Getting married can be an exciting time as it confirms and celebrates your commitment to each other. After marriage, you'll have all sorts of adventures to share, but your honeymoon phase can be cut short if bad credit hampers your ability to achieve financial goals together, such as owning a home, buying a new car or even merging your cell phone carriers. Money issues can put strain on any relationship, but if you're upfront about them from the get-go, you can get ahead of potential roadblocks.
In fact, money caused the most strain in marriages (36 percent), outpacing health concerns (17 percent), according to an online survey conducted by The Harris Poll for Ally Bank. Relationships among younger adults (age 18-54) were nearly twice as likely (44 percent to 23 percent) to cite money as the main stressor compared to older adults (age 55+).
We'll review some common questions you might have about your credit after marriage and provide best practices for maintaining good credit scores during marriage.
Do married couples have a joint credit report?
No, your credit reports won't be merged after marriage. You will still maintain an individual credit report that's built around the actions you take with your credit accounts. Unless you open joint accounts, your spouse's credit-related actions may not affect your credit history or score.
Will I lose my credit history if I change my last name?
No, you will still have your credit history if you change your last name.
"When someone changes their last name, it is automatically added to their credit report after they notify their creditors of the new name," according to Experian's website. "Applying for new credit using the new last name will also result in the name being added to the report."
So, after your name is officially changed, inform your current creditors and use the new last name on future credit applications. The name change will be relayed to the credit bureaus and reflected on your credit report. You'll most likely still see your old last name on your credit report -- in addition to your new last name -- but that's OK. You can check that your credit report is up-to-date by requesting a free copy of your credit report at AnnualCreditReport.com. You're allowed one report from each credit bureau (Equifax, TransUnion, and Experian) every year.
Will my bad credit affect my spouse?
Yes, in most cases your bad credit will affect your spouse in one way or another, but it's a loaded question. If you have a bad credit score, that alone won't affect your spouse. Your past credit history can't directly lower your partner's credit score. However, any credit-related actions you take jointly with your spouse, such as applying for a mortgage or buying a car, will be affected by your bad credit score.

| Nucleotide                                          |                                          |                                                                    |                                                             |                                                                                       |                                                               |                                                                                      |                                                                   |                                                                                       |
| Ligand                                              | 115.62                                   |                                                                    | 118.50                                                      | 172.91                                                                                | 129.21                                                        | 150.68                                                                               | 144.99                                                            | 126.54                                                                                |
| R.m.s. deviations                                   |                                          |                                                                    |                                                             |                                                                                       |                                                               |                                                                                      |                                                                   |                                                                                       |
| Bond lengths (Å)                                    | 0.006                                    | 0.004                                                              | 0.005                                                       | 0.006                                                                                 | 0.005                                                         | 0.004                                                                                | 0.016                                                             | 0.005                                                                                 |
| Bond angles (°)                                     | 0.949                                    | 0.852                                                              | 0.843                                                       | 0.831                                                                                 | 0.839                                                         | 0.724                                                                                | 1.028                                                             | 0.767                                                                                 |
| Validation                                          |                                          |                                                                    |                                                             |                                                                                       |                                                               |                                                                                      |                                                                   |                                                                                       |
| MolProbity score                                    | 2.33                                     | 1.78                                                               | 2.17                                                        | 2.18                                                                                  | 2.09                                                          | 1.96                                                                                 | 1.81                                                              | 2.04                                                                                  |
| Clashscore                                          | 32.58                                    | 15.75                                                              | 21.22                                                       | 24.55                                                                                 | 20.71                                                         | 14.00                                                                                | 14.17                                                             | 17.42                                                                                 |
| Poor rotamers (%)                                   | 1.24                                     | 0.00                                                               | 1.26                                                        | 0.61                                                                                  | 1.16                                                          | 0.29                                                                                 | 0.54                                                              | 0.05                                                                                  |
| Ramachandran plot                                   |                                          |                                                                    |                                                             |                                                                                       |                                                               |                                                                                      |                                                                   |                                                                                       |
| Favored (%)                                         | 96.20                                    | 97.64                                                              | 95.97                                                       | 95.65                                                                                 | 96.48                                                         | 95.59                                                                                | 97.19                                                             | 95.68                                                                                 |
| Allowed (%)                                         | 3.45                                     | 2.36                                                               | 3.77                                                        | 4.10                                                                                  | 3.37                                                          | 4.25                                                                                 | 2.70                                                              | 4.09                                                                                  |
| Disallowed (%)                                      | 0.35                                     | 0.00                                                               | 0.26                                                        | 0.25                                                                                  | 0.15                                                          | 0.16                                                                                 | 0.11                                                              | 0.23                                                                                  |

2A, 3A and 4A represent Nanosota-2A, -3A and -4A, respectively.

When you apply for a loan together, the lender will review both your and your spouse's credit. If you have bad credit and your spouse has excellent credit, your poor score may lower approval odds and reduce the chances of receiving the best interest rates. It's not as simple as the lender only considering the higher credit score -- both scores are considered in the decision process.
After opening a joint credit card account or adding your spouse as an authorized user to your card, the actions you take -- whether positive or negative -- will be reflected on both your and your spouse's credit, and vice versa. It's key that you set clear guidelines with shared accounts so you can get the most benefit and least penalties. Check out some best practices below.
Best practices for maintaining credit card accounts with your spouse
Once you've exchanged vows, you may want to open financial accounts together, such as credit cards, to streamline spending and bill payment. While this can be helpful, there are some guidelines you should mutually agree on to make sure accounts are used responsibly. Just know, joint credit card accounts are far and few between, but many credit cards provide an alternative: adding authorized users. An authorized user has no liability, versus a joint account holder that shares liability.
Here are some best practices for maintaining credit card accounts with your spouse, whether you open a joint account or become an authorized user on each others' accounts:
1. Always pay on time. Payment history is the most important factor of your credit score, making it important to pay all bills on time. If you can't afford to pay off the entire bill, make at least the minimum payment. Paying at least the minimum due helps you avoid late payment fees and penalty interest rates -- plus, it also sends positive information to the credit bureaus.
2. Set spending limits. As with any credit card, you should have clear spending guidelines in place. Whether it's with a joint credit card account or as an authorized user, make sure you review how much you can reasonably afford to spend together each month. This can help limit overspending and reduce the likelihood of falling into debt.
3. Hold each other accountable. It can be easy to brush off your spouse's bad habits, whether it's forgetting to pay a bill or spending more than they should, but those decisions can work their way back to you. The results can mean late payment fees, debt, and negative effects to your credit (for joint accounts). It's a good idea to be open with your spouse and discuss any issues that arise the first time around before it becomes a bad habit.
When you get married, you may not be too worried about your credit history and how it can affect your spouse or how their credit can affect you, but it's something that shouldn't be overlooked. Depending on what credit scores you both have, it may be relatively simple to obtain new credit together or not. Just know, shared accounts can make or break your credit, so be sure to set clear guidelines for spending and bill payments. And be aware that you're both equally liable for all actions taken on a shared account.